Considerations for Hiring a Pet Sitter

There are a few benefits of hiring a pet sitter over sending your pet to a kennel or cattery, though it’s important to consider your cat’s or dog’s personality and temperament when making the decision of whether to go with a kennel or pet sitter.

Pet sitters are ideal for pets who are shy, frightened of strangers, upset by change and animals who require a bit more one-on-one attention, whereas kennels are more ideal for pets who are outgoing, good with strangers and handle change well.

Also, consider whether your pet has stopped eating due to stress in the past. These pets are apt to do best with a pet sitter instead of a kennel.

When hiring a pet sitter, it’s important that your sitter gets to know your animals before you leave. Ask the pet sitter to make a few one-hour visits while you’re home. You can observe the pet sitter’s mannerisms and interactions with the pet; this will also give the sitter an opportunity to get to know the animal and vice versa. In addition, the pet sitter will know the pet’s baseline in terms of behavior and temperament; this will enable the sitter to more effectively identify a problem such as illness while the animal is in his or her care.

Pet sitters can provide very basic care — feeding, dog walking, grooming and cleaning litter boxes. Or they may be hired to spend some time with your pet each day. Many pet sitters also double as house-sitters. Consider your pet’s need, your budget and find a sitter who is able to provide the level of service that you require.

Some of the best pet sitters have a background in pet care. Our pet sitter is a vet tech at our veterinary clinic; this is ideal, since she is in a position to identify health problems and illness and she is more apt to seek out medical care if our pets get sick while we’re out of the home. This also makes our vet visits less stressful, since our animals can interact with a vet tech whom they know and trust.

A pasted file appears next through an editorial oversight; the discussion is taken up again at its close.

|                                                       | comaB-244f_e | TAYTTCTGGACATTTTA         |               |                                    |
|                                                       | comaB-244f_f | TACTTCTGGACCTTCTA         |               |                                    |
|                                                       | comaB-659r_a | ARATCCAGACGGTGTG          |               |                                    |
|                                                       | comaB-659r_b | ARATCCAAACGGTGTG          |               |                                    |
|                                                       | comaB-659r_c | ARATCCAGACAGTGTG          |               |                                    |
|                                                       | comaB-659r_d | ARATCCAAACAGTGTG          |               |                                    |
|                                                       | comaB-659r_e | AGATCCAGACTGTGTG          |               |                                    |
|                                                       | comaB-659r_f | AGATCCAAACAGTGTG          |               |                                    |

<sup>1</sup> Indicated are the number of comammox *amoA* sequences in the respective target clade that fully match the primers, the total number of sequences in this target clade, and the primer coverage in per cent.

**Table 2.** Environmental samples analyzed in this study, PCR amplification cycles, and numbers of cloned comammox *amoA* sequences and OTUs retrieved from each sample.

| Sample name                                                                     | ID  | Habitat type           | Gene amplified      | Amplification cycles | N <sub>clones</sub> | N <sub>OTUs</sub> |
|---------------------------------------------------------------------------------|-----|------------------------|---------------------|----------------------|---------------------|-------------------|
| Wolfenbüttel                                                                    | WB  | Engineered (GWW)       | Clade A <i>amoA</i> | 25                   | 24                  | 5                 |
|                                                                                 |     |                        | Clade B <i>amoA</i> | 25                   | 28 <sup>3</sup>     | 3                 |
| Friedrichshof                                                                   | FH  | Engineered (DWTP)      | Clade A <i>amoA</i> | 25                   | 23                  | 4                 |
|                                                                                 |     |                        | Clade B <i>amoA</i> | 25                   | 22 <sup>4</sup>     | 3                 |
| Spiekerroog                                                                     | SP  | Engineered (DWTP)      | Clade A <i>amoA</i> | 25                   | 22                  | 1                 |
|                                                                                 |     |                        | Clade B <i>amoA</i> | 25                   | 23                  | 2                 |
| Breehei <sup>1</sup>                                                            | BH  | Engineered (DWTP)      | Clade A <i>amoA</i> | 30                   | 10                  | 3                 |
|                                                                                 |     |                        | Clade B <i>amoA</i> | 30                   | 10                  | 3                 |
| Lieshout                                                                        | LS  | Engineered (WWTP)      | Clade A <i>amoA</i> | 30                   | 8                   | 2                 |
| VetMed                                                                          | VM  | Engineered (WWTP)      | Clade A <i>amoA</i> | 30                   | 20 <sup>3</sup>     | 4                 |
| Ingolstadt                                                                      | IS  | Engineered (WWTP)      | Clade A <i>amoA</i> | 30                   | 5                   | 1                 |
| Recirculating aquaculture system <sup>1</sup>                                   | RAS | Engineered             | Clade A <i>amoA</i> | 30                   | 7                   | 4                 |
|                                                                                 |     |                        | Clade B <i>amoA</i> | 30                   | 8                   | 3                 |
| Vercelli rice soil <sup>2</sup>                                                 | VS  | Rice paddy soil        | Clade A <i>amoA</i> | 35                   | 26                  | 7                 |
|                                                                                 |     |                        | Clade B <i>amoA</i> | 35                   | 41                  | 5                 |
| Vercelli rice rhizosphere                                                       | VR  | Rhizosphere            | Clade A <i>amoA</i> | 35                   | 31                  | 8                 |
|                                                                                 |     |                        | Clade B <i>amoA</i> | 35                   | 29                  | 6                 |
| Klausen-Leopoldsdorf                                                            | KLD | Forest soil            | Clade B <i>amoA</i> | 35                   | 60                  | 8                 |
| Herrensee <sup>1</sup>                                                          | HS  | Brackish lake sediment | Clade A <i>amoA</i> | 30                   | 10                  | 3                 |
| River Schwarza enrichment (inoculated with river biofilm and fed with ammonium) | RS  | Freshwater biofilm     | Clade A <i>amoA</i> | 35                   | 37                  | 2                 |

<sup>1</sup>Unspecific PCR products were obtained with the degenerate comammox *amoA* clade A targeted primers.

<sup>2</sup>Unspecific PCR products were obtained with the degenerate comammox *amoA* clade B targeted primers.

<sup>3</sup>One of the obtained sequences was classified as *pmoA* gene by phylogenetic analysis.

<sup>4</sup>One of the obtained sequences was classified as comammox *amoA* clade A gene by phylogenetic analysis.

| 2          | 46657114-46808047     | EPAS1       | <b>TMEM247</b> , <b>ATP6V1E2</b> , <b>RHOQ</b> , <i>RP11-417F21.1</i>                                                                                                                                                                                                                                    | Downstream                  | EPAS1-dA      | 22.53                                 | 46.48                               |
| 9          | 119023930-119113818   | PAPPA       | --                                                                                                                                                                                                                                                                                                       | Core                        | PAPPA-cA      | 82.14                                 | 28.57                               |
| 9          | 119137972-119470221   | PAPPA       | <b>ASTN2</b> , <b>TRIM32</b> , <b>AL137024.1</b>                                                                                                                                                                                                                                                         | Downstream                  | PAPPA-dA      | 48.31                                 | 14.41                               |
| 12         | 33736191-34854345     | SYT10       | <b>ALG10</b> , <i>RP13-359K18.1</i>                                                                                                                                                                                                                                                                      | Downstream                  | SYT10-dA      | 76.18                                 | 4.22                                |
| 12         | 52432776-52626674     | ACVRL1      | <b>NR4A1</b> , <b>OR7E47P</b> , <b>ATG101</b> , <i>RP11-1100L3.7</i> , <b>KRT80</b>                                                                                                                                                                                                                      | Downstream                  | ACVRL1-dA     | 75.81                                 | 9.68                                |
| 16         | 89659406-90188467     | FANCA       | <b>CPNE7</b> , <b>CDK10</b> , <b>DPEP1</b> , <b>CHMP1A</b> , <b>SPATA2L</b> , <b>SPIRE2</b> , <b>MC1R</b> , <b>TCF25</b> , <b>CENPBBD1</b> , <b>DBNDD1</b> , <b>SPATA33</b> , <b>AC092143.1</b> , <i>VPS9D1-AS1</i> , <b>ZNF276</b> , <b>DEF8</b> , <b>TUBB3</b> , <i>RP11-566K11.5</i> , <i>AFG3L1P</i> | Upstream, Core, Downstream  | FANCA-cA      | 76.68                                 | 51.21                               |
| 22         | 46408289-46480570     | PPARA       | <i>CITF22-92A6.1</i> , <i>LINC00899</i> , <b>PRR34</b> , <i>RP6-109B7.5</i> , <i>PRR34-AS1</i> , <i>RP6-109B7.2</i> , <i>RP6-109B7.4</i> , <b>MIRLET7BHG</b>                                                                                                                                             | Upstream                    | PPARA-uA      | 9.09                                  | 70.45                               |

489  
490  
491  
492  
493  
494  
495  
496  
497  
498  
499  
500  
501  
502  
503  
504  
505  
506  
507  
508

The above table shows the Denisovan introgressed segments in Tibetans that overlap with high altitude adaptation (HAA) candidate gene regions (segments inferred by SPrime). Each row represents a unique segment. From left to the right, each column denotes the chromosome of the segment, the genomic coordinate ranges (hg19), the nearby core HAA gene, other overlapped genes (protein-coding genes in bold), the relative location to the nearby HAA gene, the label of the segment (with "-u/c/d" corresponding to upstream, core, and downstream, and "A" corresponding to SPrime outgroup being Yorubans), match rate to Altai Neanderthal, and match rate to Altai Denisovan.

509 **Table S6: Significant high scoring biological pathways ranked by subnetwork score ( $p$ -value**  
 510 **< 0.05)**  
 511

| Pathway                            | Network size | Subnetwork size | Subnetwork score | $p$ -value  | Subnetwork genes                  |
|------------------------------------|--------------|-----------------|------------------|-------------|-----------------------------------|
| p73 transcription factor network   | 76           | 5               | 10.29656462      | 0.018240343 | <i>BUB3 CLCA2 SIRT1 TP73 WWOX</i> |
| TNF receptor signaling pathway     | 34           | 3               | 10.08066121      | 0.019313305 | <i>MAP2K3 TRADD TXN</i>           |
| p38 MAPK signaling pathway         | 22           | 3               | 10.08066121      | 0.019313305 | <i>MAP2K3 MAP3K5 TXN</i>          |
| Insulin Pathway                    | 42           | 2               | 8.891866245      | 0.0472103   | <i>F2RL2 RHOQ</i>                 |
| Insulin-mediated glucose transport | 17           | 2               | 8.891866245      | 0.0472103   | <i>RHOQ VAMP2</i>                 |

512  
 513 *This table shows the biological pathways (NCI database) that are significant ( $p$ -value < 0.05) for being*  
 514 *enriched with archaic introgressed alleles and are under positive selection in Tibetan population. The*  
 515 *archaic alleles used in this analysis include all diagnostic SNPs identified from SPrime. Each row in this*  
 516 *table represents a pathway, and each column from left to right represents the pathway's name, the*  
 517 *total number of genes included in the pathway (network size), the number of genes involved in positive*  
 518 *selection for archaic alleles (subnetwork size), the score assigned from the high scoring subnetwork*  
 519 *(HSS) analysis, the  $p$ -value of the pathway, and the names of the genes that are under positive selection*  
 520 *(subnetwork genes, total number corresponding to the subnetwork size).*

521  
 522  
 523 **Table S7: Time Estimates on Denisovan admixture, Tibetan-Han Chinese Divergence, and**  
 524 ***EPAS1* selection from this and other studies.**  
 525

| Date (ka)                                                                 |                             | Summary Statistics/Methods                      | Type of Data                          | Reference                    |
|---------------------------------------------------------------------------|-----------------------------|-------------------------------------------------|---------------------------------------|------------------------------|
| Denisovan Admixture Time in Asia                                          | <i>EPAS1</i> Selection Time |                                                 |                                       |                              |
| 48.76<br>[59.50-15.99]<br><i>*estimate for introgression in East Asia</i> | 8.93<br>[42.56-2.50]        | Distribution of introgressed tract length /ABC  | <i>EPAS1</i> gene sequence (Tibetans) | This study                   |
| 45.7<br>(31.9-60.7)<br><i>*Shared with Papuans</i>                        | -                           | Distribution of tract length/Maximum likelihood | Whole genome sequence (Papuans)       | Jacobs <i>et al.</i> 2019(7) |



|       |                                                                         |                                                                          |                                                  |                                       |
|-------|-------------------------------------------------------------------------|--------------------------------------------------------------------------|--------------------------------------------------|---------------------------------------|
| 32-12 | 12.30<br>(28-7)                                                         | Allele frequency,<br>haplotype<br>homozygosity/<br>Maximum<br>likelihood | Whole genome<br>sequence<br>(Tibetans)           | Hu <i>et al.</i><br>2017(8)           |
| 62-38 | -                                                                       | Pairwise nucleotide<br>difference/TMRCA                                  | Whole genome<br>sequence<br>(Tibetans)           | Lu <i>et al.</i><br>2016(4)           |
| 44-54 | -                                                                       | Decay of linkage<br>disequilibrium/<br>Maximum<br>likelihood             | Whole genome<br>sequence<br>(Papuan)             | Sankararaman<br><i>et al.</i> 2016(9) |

The reality is this: your animals are more likely to get sick while you’re away. Some may experience vomiting, diarrhea, or they may refuse to eat due to stress. Stress taxes the animal’s immune system, leaving them more susceptible to illness, so it’s important that your pet sitter is effective in limiting stress, identifying illness and your sitter must be willing and able to get treatment for your pet if she gets sick while you’re away.

Also, when hiring a pet sitter, contact your veterinary clinic to alert them to the fact that someone else will be caring for your animal. You may need to sign a waiver or consent form that allows the pet sitter to make decisions on your behalf. Most vet clinics will allow a pet sitter to put the bill “on tab” so the owner can pay for the bill when he or she returns from their trip, but it’s important to know your clinic’s policy concerning payment. Generally, a clinic is more willing to put your charges “on tab” if you’re a long-time client.

If the clinic will not allow your pet sitter to put the bill on-tab, you will need to find a sitter who can pay for the animal’s treatment up-front (to be reimbursed when you return) or you may need to leave a credit card or emergency funds for the sitter. Another option: pre-pay a few hundred dollars to your vet clinic before you leave, so there is a credit on your account. Alternatively, some clinics will allow you to put a credit card on file; this can be used to pay for your pet’s treatment in the event that he needs to visit the clinic while in the pet sitter’s care.

For more pet care tips, visit the PetLvr archives.

Photo Source: John Evans at

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Mia Carter is a professional journalist and animal lover. Her furry family members include 6 dogs and 12 cats. She is also a feral cat colony caretaker. Carter specializes in pet training and special needs pet care. All of her animals have special needs such as paralysis, blindness, deafness and FIV, just to name a few. She also serves as a pet foster parent and she actively rehabilitates and rescues local strays and feral kittens.

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